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3rd in Series: First-ever FASD Prevention Plenary at the 7th International Conference on FASD: PART 2

“International Research on Discussing Alcohol with Women and Their Partners, and Empowering Professionals to Have These Conversations”: Tatiana Balachova, PhD, Associate Professor, University of Oklahoma Health Sciences Center & Prevent FAS Research Group; Jocelynn Cook, Chief Scientific Officer for The Society of Obstetricians and Gynaecologists; Lisa Schölin, Consultant at WHO Regional Office for Europe – Alcohol, Illicit Drugs and Prison Health; Leana Oliver, CEO of FARR; Cheryl Tan, Health Scientist CDC

Research shows that building awareness and offering brief interventions can help women reduce alcohol-exposed pregnancies. For a variety of reasons, not all providers feel comfortable or confident in giving information or asking about alcohol use, and they may not be sure it makes a difference in preventing alcohol-exposed pregnancies. Consequently, researchers from around the world presented their findings at the 7th International FASD Conference Prevention Plenary. They discussed whether or not brief interventions work, and if they do, then which strategies work best.

Russian study picRussia – Positive Messaging Improves Knowledge and Action

Tatiana Balachova, PhD, and her research group conducted a 3-part study to develop, implement, and test a prevention program in Russia. They found that women in Russia most trusted their OB/GYN physicians, so they developed FASD educational materials and trained physicians to deliver prevention information in two face-to-face structured interventions. FASD brochures using positive messages and images improved women’s knowledge of FASD and reduced risk for alcohol-exposed pregnancies. As well, they found that women who received the intervention reduced their frequency of alcohol use – most quitting – during in pregnancy.

JOGC picCanada – Care/Service Provider Education is key

Jocelynn Cook, Chief Scientific Officer for The Society of Obstetricians and Gynaecologists of Canada (SOGC) detailed the Vision 2020 strategies: advocacy, quality of care, education, and growing stronger. These strategies underpin their goals for care providers to focus on preconception as well as pregnancy, and deliver consistent messaging. In line with these goals. Alcohol Use and Pregnancy Consensus Clinical Guidelines that were first published by the SOGC in August 2010 were updated in 2016. The guidelines highlight the value of brief interventions and will be supported in the coming year with online education and training that recognizes “red flags” and provide best practices for supporting women’s health and engagement in discussions on potentially stigmatizing topics such as alcohol use.

who-coverWorld Health Organization – Prevalence Rates Inform Strategy

Lisa Schӧlin, consultant with the World Health Organization’s European office, described the data from Europe on alcohol consumption and drinking during pregnancy. The most recent prevalence data shows that Europe has the highest consumption rate of alcohol per capita of anywhere else in the world. As well, at 25.2%, it has the highest rate of alcohol consumption during pregnancy and the highest rate of FAS (37.4 per 10,000). These data were published in a review of the evidence and case studies illustrating good practices and areas of European action called “Prevention of harm caused by alcohol exposure in pregnancy” – you can view or download here.

FARR picSouth Africa – Short Messages Can Build Awareness

Leana Oliver, CEO of Foundation for Alcohol Related Research (FARR), explained how FARR builds upon existing health services by providing prenatal support, pregnancy planning and teaching of coping strategies to women through their programmes. Their “Do you have 3 Minutes?” campaign has been successful in building awareness within communities and in supporting prevention programmes (learn more here). As well, the FARR Training Academy offers accredited trainings and continued professional development on FASD to professionals, providers and educators. Research projects and FARR publications detail what has been learned such as the benefits of motivational interviewing and the need for preconception care and planning.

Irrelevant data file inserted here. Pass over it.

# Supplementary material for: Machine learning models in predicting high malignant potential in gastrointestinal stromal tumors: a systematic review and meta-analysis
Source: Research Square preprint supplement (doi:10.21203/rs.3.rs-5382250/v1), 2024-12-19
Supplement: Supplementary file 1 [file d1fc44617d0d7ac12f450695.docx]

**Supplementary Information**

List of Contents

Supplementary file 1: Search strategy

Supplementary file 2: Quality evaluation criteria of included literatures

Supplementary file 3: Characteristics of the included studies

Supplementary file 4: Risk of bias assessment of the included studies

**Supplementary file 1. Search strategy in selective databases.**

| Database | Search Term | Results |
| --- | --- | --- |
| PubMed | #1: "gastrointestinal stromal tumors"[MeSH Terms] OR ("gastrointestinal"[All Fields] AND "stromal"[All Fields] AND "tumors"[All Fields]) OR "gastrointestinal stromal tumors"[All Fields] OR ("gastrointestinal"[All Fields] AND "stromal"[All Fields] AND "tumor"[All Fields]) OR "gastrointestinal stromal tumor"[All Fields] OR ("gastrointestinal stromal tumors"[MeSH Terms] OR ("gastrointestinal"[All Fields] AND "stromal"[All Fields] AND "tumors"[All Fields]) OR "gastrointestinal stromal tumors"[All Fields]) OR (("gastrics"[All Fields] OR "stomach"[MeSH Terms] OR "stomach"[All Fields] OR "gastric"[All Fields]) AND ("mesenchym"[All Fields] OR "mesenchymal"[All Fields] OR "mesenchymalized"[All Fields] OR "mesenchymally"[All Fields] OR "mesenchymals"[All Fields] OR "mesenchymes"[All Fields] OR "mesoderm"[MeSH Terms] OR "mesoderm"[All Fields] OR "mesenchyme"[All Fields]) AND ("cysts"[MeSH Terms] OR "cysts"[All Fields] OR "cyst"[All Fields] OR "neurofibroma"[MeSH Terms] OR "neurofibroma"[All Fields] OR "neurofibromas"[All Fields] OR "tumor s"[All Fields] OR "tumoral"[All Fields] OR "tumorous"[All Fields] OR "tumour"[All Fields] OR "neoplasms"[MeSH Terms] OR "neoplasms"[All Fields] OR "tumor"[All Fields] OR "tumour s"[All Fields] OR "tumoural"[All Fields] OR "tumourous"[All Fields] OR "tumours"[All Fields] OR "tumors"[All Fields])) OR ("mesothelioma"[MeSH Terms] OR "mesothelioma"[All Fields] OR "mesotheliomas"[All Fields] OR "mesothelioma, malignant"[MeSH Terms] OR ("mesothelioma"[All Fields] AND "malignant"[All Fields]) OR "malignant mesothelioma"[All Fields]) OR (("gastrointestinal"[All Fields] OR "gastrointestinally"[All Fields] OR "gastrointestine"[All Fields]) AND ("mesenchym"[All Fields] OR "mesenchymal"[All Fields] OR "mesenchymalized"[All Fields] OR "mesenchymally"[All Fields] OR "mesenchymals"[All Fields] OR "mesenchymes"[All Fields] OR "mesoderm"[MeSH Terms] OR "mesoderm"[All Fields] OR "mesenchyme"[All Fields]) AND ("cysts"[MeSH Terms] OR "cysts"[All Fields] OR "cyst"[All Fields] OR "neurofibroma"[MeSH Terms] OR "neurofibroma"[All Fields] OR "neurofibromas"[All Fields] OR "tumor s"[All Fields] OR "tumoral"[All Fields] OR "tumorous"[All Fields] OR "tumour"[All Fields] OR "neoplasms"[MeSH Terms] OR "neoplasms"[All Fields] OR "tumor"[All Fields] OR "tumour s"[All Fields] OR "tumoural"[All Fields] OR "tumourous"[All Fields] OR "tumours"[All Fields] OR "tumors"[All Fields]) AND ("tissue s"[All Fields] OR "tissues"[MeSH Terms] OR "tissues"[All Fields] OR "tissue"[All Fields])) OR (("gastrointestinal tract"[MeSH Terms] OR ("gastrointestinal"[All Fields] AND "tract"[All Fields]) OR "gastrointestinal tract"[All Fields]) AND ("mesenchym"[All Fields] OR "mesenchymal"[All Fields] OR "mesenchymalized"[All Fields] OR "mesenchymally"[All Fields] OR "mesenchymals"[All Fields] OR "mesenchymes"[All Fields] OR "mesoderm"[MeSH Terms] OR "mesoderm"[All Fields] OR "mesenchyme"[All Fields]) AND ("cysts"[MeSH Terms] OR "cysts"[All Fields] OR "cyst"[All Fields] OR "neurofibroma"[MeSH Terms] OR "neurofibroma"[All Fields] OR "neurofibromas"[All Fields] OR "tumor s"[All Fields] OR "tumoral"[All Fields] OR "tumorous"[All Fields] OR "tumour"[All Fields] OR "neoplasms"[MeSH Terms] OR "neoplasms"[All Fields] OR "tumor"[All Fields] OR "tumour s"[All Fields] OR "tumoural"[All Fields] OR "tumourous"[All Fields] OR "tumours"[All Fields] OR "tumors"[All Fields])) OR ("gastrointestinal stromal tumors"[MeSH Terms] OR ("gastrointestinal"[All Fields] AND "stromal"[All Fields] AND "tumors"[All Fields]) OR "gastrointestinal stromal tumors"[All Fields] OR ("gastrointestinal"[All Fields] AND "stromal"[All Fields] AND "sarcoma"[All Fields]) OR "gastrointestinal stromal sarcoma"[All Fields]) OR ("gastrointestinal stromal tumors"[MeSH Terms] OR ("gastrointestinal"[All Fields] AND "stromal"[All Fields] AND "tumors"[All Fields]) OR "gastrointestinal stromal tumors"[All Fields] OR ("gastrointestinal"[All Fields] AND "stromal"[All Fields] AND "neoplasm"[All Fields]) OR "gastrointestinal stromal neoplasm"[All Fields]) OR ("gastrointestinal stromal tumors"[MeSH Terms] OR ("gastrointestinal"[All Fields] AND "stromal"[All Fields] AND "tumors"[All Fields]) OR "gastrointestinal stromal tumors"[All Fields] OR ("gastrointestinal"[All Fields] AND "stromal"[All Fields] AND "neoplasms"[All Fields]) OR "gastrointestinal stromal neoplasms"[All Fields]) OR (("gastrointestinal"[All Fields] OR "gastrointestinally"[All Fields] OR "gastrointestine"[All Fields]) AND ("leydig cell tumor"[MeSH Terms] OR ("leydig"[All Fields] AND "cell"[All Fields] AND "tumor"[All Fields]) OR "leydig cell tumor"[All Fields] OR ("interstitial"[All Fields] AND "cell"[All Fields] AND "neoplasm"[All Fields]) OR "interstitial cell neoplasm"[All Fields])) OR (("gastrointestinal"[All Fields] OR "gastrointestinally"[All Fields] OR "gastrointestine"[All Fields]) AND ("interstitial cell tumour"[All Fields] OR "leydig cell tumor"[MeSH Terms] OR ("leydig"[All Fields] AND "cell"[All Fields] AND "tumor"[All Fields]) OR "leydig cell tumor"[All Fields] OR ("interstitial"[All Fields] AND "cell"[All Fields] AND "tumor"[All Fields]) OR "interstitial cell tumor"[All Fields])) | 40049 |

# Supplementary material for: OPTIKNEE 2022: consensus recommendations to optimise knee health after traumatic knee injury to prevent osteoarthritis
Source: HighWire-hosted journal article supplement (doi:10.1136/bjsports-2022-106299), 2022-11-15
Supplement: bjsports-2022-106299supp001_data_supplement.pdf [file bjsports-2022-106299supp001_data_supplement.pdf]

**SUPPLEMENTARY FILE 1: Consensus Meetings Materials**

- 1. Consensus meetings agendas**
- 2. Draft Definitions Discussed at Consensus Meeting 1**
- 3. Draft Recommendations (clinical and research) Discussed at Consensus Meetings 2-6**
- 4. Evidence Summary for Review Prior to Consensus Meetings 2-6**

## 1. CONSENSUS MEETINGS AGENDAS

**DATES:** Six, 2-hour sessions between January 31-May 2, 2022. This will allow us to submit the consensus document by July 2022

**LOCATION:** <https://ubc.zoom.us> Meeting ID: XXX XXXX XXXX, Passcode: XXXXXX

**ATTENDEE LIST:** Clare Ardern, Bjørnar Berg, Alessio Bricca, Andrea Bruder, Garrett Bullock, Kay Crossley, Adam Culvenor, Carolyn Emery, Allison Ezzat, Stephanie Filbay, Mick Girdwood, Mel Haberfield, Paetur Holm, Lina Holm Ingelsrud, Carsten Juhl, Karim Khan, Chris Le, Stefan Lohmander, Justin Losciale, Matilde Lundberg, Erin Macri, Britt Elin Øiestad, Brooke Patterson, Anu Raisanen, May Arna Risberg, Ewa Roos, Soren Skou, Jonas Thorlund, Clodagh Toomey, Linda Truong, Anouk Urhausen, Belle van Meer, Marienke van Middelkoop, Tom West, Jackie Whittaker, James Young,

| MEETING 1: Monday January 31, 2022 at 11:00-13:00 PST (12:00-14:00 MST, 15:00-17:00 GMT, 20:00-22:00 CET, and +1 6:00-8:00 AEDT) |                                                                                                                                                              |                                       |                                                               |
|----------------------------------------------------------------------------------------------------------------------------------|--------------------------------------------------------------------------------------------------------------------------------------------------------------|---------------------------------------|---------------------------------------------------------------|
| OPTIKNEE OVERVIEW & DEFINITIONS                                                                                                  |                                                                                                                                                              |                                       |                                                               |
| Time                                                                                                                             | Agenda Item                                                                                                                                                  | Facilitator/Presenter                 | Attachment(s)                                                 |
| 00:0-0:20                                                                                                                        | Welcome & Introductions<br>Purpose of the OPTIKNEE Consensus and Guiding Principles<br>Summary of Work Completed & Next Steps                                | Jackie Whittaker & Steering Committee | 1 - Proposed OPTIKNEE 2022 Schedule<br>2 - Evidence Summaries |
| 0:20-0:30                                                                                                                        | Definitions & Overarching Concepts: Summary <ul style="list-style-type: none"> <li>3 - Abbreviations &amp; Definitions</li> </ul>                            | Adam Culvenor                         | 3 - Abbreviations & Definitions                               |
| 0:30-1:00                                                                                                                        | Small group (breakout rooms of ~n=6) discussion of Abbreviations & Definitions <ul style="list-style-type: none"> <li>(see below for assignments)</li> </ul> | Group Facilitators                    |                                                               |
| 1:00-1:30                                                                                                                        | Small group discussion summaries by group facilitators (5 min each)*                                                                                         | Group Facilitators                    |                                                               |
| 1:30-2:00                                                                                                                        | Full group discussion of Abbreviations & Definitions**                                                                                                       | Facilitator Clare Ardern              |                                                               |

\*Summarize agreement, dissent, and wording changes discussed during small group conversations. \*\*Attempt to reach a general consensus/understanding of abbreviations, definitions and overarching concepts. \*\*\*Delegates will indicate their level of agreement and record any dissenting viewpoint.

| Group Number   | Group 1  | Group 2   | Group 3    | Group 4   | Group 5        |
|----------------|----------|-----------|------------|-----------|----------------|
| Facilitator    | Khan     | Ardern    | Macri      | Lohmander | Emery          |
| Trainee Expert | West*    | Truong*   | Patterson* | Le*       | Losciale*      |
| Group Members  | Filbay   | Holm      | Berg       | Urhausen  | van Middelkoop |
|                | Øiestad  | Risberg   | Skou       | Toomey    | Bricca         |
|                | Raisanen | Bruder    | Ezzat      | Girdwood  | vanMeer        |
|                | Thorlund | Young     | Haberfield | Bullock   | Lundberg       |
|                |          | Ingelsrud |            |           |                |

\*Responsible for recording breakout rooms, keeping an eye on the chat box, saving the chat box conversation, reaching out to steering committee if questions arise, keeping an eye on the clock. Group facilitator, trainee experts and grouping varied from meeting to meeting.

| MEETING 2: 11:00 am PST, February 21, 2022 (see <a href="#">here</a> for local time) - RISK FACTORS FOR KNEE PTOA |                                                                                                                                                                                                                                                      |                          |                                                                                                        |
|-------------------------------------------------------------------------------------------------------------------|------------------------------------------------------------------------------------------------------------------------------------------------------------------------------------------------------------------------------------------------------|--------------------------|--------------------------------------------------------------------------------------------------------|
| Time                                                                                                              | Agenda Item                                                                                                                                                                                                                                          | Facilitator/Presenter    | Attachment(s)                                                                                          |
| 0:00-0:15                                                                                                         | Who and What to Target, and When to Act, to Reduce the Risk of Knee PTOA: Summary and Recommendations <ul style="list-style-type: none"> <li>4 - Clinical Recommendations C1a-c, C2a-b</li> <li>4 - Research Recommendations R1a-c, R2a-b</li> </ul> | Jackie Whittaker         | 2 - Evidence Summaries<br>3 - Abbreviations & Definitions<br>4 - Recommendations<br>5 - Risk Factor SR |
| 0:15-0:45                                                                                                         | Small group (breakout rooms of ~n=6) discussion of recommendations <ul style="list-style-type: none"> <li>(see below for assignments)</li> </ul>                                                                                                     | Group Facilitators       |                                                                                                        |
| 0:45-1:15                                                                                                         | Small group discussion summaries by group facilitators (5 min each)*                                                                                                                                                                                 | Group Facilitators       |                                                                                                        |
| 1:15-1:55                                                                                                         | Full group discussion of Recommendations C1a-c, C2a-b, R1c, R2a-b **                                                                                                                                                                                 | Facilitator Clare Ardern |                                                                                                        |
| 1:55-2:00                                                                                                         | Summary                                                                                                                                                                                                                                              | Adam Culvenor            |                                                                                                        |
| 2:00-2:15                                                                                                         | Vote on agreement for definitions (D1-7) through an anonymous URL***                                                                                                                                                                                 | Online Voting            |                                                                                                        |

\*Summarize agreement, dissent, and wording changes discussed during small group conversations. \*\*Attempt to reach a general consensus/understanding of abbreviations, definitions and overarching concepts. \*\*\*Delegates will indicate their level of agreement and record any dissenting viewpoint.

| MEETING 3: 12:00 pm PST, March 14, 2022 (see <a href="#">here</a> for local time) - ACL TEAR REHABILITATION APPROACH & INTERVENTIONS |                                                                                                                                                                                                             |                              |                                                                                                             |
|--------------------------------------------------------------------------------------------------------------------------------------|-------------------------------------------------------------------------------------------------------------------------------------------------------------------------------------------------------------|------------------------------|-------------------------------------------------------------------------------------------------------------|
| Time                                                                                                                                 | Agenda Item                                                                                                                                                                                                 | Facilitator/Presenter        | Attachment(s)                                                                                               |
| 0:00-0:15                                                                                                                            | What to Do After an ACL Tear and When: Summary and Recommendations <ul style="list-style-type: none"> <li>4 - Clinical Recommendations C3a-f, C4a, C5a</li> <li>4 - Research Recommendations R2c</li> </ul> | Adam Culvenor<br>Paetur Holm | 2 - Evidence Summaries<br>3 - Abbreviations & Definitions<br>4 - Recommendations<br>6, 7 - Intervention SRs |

CDC picU.S. – Promoting Universal Screening and Brief Intervention

Cheryl Tan, Health Scientist, Centers for Disease Control and Prevention reviewed FASD activities currently underway. Surveillance of alcohol consumption by women of reproductive age is ongoing alongside efforts by the CDC to promote universal screening and brief interventions (aSBI) of adults 18+ years. She noted the wide discrepancy between how often providers say they conduct SBI (85%) and how often patients say they receive it (25%). As well, as a partner of the Collaborative of Alcohol-free Pregnancy, the CDC is helping to change healthcare practice through high-impact projects: 1) implement interprofessional model for prevention of AEP; 2) provide evidence for aSBI to insurers in the US; and, 3) reduce stigma associated with drinking during pregnancy.

For more these topics see earlier posts:

First-ever FASD Prevention Plenary at the 7th International Conference on FASD, March 22, 2017
WHO Europe: Prevention of harm caused by alcohol exposure in pregnancy, December 22, 2016
“Supporting pregnant women who use alcohol or other drugs: A guide for primary health care professionals”, May 15, 2016
How do partners affect women’s alcohol use during pregnancy?, August 11, 2014
Empowering Conversations to Prevent Alcohol Exposed Pregnancies: Extended Learning Webinars, May 8, 2014
The Prevention Conversation Project – Free Webcast on January 21, 2015 (Alberta FASD Learning Series), December 15, 2014
Alcohol and Pregnancy campaign from Norway, December 12, 2011
FASD Prevention in Russia, February 15, 2012

Image credit: Eric Parker, via flickr (creative commons)

Delft, Cape Town, South Africa (Image credit: Eric Parker, via flickr)

The reasons why a woman may drink alcohol during pregnancy can vary enormously. That said, research has consistently shown two strong associations with alcohol use during pregnancy: (1) women’s alcohol use before pregnancy (especially for women who drink heavily before pregnancy) and (2) past or current experiences of violence, trauma, and abuse.

The relationship between alcohol use during pregnancy and women’s experiences of violence, trauma, and abuse was recognized in early research with women who have children with FASD. For example, in a study in 2000 with 80 mothers of children with FAS,  95% of the women had been seriously sexually, physically, or emotionally abused at some point in their lives and 72% of them reported that they felt unable to reduce their alcohol use because they were in an abusive relationship.

A recent longitudinal study looked at both of these factors, alcohol use before pregnancy and experiences of trauma, in a group of 66 pregnant women in Delft, Cape Town, South Africa. The researchers found that: